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Foreign Policy Magazine Sees Through the Gaffes to Gary Johnson’s Smart, Popular Foreign Policy Vision

Friday, September 30, 2016 16:09
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(Before It's News)

Libertarian Party presidential hopeful Gov. Gary Johnson may seem less than erudite when specific targeted questions about foreign hotspots and foreign leaders are dropped on him on live TV. Still, he has an overall foreign policy vision that has impressed even the foreign policy mavens at Foreign Policy magazine.

There, Emma Ashford provides some useful context on Johnson’s foreign policy acumen, focusing not on minutia but on the importance of principles.

She first points out, as Anthony L. Fisher did first here at Reason, that Johnson is far from unique in making ignorant-sounding gaffes about foreign policy. And Ashford notes that:

the foreign-policy approach offered by the Johnson-Weld campaign is not only a compelling alternative to the current orthodoxy, but is increasingly popular among Americans. A more restrained approach to foreign policy would see the United States involved in fewer unnecessary conflicts around the world, and a much stronger emphasis on diplomacy and other non-military solutions to global problems.

In contrast to Clinton’s liberal interventionist approach, it would avoid getting bogged down in civil wars like Libya and Syria. In contrast to Trump’s curiously aggressive isolationism, a restrained foreign policy sees trade as a positive, security-enhancing factor.

She’s exactly right that that is what an intelligent, balanced outside observer should understand and consider about the Libertarian foreign policy option. But she is also right that the salesmen the Party picked need to up their game:

in order to make a coherent case for restraint in America’s foreign policy, you have to explain why it will work better. Johnson, it turns out, is generally correct in his approach to Syria: U.S. intervention to alleviate suffering, in Aleppo or elsewhere, is unlikely to work and may well make the situation worse. ….But without knowledge of detail, he struggles to explain why.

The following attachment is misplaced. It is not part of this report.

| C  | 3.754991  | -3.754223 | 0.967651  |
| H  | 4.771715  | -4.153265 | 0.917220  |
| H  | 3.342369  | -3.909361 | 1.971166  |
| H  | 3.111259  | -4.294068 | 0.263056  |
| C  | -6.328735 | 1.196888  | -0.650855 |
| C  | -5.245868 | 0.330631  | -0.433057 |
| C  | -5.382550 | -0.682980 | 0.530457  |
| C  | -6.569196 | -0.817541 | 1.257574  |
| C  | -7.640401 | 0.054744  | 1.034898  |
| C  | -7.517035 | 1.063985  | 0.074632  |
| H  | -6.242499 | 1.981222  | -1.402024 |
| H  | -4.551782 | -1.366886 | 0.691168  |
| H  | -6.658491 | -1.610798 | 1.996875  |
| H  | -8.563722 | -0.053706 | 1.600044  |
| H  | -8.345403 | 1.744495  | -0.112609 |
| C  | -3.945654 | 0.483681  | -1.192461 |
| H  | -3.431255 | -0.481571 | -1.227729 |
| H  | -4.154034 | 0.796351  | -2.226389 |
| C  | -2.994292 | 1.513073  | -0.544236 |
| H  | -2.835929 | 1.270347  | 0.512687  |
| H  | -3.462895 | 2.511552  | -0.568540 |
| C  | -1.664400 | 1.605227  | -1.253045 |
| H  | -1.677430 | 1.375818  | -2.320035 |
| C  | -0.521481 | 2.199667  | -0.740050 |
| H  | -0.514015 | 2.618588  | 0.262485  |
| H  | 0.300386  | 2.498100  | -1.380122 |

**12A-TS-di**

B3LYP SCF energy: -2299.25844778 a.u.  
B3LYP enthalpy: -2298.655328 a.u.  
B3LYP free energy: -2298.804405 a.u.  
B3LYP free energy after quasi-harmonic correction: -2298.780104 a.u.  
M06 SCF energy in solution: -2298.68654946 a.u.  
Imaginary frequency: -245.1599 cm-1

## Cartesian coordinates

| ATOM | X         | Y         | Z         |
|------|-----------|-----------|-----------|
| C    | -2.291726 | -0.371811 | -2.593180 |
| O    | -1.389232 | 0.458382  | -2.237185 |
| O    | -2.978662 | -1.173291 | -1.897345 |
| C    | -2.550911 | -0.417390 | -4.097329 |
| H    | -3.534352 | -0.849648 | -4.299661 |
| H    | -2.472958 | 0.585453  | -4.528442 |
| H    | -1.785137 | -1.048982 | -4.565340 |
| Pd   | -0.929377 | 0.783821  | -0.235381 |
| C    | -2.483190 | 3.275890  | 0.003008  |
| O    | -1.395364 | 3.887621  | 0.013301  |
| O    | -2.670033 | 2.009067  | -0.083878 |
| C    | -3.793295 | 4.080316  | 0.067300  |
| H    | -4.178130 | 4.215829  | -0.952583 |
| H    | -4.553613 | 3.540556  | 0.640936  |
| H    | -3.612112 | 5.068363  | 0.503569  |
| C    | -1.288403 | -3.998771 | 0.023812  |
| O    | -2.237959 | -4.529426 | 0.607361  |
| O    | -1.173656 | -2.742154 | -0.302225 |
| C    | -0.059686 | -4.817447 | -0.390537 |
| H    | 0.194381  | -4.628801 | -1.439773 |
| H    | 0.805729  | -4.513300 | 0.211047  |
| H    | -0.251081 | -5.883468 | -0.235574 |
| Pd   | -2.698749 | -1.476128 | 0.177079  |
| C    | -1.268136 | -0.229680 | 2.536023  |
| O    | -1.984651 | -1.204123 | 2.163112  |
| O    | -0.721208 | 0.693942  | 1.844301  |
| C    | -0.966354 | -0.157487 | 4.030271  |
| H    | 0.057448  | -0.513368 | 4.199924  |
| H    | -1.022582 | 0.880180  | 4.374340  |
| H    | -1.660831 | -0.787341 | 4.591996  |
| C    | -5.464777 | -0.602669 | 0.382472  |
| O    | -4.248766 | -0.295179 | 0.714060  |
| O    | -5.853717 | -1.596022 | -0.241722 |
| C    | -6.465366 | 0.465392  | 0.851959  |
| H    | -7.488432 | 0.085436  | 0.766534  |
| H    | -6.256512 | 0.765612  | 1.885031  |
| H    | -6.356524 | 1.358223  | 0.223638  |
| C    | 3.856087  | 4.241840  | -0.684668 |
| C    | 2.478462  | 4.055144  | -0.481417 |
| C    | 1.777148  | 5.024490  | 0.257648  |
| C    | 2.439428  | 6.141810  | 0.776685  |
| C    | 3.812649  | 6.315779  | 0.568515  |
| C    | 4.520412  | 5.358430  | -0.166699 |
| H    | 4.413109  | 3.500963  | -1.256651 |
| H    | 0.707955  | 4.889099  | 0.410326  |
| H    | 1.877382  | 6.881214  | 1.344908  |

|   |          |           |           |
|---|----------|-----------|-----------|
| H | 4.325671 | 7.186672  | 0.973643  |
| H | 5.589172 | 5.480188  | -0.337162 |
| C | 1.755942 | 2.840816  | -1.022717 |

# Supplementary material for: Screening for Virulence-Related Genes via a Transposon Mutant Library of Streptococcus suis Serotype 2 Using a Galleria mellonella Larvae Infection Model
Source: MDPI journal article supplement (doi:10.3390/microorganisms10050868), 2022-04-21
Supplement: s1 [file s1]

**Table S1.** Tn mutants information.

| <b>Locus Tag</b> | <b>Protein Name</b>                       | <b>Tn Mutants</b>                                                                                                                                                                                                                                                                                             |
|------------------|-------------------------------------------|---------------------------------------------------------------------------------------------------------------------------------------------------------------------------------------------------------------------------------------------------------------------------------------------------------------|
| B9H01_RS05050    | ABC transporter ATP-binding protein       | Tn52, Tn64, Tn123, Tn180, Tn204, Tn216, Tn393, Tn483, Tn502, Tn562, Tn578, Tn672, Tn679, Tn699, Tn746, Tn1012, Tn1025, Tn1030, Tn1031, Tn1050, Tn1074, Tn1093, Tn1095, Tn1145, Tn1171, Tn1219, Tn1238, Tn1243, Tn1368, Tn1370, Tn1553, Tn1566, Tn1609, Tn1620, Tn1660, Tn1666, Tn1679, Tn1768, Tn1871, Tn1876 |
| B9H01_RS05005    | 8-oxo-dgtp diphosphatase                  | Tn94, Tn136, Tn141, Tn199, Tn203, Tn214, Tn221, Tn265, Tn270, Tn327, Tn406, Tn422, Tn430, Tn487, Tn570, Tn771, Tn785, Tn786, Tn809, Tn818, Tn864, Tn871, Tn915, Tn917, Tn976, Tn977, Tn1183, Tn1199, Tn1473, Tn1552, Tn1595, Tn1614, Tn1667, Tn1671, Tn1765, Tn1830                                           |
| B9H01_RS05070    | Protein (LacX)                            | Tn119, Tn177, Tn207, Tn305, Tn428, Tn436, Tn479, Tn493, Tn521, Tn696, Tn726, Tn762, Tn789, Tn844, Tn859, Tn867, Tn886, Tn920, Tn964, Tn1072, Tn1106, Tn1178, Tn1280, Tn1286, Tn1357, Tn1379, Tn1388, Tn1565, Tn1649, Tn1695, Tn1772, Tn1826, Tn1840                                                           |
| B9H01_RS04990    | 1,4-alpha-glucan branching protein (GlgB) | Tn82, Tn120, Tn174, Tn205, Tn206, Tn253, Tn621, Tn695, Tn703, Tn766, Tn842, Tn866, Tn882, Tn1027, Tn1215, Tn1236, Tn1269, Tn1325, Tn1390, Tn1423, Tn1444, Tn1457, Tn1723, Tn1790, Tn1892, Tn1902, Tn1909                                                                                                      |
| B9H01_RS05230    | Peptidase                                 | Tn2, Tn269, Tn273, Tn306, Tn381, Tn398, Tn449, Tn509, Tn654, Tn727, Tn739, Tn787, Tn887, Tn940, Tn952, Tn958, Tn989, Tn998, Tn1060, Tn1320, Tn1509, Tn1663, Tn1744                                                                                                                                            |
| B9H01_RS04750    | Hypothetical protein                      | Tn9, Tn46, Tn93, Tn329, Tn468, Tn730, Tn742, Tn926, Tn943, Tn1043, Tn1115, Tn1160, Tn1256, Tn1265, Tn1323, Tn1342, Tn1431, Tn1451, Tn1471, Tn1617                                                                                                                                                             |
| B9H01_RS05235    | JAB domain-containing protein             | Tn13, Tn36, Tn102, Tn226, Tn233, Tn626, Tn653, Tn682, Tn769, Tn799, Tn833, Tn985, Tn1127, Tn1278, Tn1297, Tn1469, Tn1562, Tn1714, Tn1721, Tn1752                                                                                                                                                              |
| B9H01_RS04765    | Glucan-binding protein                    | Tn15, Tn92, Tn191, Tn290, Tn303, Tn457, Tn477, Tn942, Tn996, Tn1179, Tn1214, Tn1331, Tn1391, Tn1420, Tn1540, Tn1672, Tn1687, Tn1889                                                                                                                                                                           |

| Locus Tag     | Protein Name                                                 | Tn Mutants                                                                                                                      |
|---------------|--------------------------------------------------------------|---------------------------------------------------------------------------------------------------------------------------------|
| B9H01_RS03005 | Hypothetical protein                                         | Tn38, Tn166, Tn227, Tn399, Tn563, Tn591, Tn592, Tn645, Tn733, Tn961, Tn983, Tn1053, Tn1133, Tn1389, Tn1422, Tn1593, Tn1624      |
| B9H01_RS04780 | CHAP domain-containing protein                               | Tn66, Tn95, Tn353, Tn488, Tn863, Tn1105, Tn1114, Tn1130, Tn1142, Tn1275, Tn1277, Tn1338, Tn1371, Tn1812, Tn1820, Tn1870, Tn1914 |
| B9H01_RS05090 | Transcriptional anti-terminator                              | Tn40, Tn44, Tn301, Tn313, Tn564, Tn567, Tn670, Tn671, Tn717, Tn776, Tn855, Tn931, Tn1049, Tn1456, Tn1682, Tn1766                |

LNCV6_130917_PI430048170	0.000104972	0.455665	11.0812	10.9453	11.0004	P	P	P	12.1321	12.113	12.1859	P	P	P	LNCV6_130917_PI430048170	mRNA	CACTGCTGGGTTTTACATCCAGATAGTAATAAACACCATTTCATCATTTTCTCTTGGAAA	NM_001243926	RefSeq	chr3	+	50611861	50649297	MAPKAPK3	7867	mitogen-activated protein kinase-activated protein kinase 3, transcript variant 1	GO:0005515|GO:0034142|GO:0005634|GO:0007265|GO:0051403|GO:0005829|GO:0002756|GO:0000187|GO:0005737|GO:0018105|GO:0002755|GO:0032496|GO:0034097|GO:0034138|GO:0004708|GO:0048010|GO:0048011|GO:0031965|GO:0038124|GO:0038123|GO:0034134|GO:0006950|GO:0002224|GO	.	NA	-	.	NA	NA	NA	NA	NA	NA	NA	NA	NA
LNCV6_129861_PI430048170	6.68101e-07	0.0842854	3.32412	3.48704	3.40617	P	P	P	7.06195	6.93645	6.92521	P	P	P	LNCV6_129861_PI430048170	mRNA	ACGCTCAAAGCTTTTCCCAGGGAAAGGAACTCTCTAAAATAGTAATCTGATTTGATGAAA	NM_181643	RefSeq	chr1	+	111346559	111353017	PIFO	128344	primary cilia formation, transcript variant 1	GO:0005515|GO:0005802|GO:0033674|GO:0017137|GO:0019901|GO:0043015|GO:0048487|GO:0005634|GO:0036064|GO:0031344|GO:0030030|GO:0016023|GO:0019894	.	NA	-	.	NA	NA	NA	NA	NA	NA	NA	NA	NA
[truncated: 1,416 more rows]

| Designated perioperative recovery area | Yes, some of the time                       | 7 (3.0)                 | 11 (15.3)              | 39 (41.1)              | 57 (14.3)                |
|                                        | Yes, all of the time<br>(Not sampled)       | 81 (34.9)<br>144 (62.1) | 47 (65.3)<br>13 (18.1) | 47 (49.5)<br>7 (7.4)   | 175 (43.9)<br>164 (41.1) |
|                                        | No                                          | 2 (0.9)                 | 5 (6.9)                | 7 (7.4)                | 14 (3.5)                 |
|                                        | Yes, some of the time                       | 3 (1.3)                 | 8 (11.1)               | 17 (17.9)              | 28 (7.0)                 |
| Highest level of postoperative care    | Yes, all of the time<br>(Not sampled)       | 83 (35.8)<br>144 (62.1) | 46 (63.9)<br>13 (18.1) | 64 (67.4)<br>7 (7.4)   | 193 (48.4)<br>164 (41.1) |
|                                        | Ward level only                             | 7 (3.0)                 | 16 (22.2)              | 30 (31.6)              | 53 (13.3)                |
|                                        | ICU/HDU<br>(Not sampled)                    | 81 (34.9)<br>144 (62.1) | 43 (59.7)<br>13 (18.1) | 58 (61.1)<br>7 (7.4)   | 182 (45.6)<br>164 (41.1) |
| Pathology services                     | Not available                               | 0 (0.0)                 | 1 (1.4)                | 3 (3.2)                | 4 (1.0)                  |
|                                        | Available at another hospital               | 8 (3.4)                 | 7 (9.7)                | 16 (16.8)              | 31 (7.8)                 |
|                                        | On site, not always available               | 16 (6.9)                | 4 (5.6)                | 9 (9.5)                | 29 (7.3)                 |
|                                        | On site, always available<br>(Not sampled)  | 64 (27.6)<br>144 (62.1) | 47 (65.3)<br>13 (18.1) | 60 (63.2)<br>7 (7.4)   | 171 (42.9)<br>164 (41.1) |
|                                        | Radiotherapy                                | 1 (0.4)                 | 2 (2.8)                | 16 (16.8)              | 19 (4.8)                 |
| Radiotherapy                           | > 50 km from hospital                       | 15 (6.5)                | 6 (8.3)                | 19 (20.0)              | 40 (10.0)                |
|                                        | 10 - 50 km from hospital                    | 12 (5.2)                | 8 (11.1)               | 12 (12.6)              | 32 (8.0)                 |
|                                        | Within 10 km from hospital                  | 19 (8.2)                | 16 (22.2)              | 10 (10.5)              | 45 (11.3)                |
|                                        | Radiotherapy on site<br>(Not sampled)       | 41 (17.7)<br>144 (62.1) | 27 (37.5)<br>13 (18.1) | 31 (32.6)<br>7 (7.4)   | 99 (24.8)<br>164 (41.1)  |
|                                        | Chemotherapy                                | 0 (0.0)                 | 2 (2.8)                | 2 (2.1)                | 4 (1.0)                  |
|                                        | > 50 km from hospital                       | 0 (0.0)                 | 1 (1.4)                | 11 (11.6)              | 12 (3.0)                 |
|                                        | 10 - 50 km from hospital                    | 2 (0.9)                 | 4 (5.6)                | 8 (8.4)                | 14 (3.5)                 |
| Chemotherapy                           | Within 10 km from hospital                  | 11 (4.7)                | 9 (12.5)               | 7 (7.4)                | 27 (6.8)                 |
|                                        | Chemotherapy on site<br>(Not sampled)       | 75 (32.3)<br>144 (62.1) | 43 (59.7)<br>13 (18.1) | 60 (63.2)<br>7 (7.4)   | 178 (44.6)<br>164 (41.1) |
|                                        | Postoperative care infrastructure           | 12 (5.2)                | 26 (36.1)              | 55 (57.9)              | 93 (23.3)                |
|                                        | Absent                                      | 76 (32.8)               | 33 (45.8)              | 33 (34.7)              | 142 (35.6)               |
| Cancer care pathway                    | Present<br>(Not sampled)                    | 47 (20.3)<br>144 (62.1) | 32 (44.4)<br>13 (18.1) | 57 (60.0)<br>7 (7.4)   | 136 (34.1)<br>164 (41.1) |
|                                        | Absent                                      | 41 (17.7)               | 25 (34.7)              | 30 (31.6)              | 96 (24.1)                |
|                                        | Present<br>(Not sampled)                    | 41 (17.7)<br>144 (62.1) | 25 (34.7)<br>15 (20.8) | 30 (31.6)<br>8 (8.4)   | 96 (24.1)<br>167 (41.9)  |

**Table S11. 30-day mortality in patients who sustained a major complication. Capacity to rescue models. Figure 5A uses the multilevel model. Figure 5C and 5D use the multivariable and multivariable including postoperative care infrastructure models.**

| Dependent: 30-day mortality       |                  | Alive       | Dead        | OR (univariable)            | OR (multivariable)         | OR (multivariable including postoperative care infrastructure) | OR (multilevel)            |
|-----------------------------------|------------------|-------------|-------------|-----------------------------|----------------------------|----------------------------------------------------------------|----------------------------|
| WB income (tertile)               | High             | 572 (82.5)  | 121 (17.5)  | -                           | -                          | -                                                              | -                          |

Ashford pulls together some of the facts showing that, rather than a punchline, Libertarian foreign policy should be a great political selling point:

Polling throughout the election campaign suggests that many of these ideas resonate with voters. In one recent Chicago Council survey, only 27 percent of Americans believed that the United States does too little around the world, while 41 percent of respondents think the United States does too much. More than half of respondents think that other countries should solve their own problems rather than relying on the United States.”

Indeed, it’s likely that some of Johnson’s strongest bases of support come from his foreign policy leanings. Polls show that 36 percent of active-duty troops, many of whom have witnessed first-hand the foreign policy follies of the last decade, intend to vote for Gary Johnson, while 29 percent of millennials — a generation with a strong tendencies towards restraint — are planning to vote for him.

The Foreign Policy writer’s takeaway for Johnson is similar to Matt Welch’s here: that he has a powerful and resonant foreign policy message, and should try harder in the future to not give opponents or the general public a cheap, easy reason to doubt that.

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